In another sign that L.A.'s largest law firms are surpassing pre-tech bubble compensation levels, Gibson Dunn & Crutcher LLP plans to raise its annual salaries for first-year associates by $10,000, to $135,000, according to a source within the firm.

First-year associate pay is carefully watched because it helps firms in recruiting and marketing. Senior associates, whose pay levels are monitored less closely, would receive only $5,000 increases.

Gibson's decision follows earlier announcements by Irell & Manella LLP and Quinn Emanuel Urquhart Oliver & Hedges LLP to raise their first-year associate salaries to the same levels. However, Gibson's pay hikes are the first to occur among the city's largest law firms.

"All associate salaries have been flat for a long time, so it's overdue," said Peter Zeughauser, a legal consultant at the Zeughauser Group. "Once a firm like Gibson Dunn jumps into the fray, with Irell already there and Quinn Emanuel, everybody has to do it."

He said he wouldn't be surprised if other major firms, such as Latham & Watkins LLP and O'Melveny & Myers LLP, would follow suit within weeks of Gibson's announcement.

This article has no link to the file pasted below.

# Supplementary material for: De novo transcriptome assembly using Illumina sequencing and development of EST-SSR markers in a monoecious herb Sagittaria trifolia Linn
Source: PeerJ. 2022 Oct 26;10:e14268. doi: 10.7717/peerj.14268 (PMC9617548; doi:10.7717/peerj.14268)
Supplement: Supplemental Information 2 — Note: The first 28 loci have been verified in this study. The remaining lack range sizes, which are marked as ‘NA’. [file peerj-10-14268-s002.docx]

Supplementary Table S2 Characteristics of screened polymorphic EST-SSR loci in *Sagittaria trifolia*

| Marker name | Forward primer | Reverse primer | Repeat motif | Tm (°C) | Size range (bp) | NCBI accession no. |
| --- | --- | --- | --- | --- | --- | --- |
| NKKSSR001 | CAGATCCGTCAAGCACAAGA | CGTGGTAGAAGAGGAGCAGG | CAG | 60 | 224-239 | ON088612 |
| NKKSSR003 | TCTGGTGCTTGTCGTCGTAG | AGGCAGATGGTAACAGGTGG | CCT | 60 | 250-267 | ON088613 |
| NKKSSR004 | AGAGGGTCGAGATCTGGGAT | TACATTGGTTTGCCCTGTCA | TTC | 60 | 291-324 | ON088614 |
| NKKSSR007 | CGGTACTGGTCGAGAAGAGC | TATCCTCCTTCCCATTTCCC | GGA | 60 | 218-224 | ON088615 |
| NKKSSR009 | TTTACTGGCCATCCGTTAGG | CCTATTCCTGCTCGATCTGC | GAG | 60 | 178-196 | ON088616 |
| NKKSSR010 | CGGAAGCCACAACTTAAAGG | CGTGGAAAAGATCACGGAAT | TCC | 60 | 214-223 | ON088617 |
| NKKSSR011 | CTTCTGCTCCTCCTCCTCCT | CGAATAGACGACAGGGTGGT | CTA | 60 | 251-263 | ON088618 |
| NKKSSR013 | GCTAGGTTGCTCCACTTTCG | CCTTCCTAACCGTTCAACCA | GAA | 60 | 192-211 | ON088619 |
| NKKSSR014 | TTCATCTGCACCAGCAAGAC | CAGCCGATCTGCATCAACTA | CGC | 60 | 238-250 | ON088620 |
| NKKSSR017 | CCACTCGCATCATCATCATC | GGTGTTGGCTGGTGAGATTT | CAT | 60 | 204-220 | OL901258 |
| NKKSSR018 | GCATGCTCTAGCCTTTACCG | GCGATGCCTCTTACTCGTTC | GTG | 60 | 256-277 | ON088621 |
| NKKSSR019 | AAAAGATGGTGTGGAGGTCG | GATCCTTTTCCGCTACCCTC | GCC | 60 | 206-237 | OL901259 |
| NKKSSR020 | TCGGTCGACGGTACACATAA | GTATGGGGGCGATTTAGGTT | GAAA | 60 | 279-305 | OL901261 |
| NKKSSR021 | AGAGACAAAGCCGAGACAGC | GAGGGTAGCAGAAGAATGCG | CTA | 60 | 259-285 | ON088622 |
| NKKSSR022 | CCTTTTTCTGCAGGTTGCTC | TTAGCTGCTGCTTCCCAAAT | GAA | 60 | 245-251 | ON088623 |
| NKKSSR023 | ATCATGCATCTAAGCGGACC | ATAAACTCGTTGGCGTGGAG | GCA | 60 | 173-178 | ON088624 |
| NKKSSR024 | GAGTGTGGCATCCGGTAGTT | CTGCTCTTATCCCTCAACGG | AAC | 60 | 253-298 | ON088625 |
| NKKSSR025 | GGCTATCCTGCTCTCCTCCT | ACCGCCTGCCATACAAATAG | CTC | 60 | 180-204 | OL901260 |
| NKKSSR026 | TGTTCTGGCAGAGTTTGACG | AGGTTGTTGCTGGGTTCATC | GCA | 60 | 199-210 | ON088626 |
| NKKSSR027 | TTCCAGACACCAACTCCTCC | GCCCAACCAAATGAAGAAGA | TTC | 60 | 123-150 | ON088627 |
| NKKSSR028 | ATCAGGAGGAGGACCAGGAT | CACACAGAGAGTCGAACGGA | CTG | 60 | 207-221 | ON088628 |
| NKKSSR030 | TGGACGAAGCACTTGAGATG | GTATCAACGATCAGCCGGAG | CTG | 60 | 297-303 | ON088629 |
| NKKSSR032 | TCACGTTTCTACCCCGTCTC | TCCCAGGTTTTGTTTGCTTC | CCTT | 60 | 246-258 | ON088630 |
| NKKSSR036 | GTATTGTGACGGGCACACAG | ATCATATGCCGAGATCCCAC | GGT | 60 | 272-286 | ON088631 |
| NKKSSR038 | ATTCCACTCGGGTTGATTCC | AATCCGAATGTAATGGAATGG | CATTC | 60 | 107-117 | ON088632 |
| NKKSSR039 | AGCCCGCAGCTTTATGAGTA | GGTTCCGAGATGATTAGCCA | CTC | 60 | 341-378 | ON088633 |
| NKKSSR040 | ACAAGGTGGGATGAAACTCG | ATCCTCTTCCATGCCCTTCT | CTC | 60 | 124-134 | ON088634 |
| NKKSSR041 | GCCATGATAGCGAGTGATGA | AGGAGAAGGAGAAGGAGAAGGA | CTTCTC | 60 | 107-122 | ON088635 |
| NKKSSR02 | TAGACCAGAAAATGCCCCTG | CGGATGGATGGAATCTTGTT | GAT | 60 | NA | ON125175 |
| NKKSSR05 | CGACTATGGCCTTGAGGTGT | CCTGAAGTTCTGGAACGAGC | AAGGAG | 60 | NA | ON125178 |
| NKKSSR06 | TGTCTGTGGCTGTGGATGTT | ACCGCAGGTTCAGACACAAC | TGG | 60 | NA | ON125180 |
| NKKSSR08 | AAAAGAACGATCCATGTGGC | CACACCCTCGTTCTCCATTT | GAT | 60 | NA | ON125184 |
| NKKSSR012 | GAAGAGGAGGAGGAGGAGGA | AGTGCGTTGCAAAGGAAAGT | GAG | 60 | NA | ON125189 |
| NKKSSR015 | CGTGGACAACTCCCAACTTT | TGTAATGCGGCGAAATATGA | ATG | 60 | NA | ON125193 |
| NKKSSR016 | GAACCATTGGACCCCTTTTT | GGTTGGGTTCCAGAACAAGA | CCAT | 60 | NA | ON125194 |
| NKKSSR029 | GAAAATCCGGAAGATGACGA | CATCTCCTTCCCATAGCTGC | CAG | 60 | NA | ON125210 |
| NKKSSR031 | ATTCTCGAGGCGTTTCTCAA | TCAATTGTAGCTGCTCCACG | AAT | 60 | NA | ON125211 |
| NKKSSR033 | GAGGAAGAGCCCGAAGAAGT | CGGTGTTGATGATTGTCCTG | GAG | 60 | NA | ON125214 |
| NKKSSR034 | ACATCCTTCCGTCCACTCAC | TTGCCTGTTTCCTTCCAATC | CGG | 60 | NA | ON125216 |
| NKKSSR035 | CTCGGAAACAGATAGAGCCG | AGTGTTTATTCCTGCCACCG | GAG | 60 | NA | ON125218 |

Gibson's managing partner and chairman, Ken Doran, did not return calls.

The American Dental Association is preparing to go to trial in a defamation case against a Van Nuys lawyer who has sued the trade organization for allegedly exposing patients to high levels of mercury in fillings made of amalgam, which is an alloy of mercury and silver.

Shawn Khorrami, who has his own law office, had sued the ADA and other dental groups for allegedly endangering the public by encouraging its members to use mercury fillings. Statements made by Khorrami on his Web site and in press releases are false and defamatory, according to the ADA, which filed a federal lawsuit against the attorney in 2002.

Court documents filed by the ADA maintain that Khorrami falsely said the association had made efforts "to conceal the dangers associated with amalgam for the financial benefit of itself and those of organized dentistry" and had "exercised undue and unfair pressure on dentists not to warn their patients of the dangers of mercury." In addition, the suit said, Khorrami concluded that "amalgam fillings represent nothing more than a con on the U.S. population, orchestrated by the American Dental Association and its web of constituent associations."

Both parties are expected to meet for mandatory settlement discussions later this month. A trial, originally scheduled this month, was recently re-scheduled for April.

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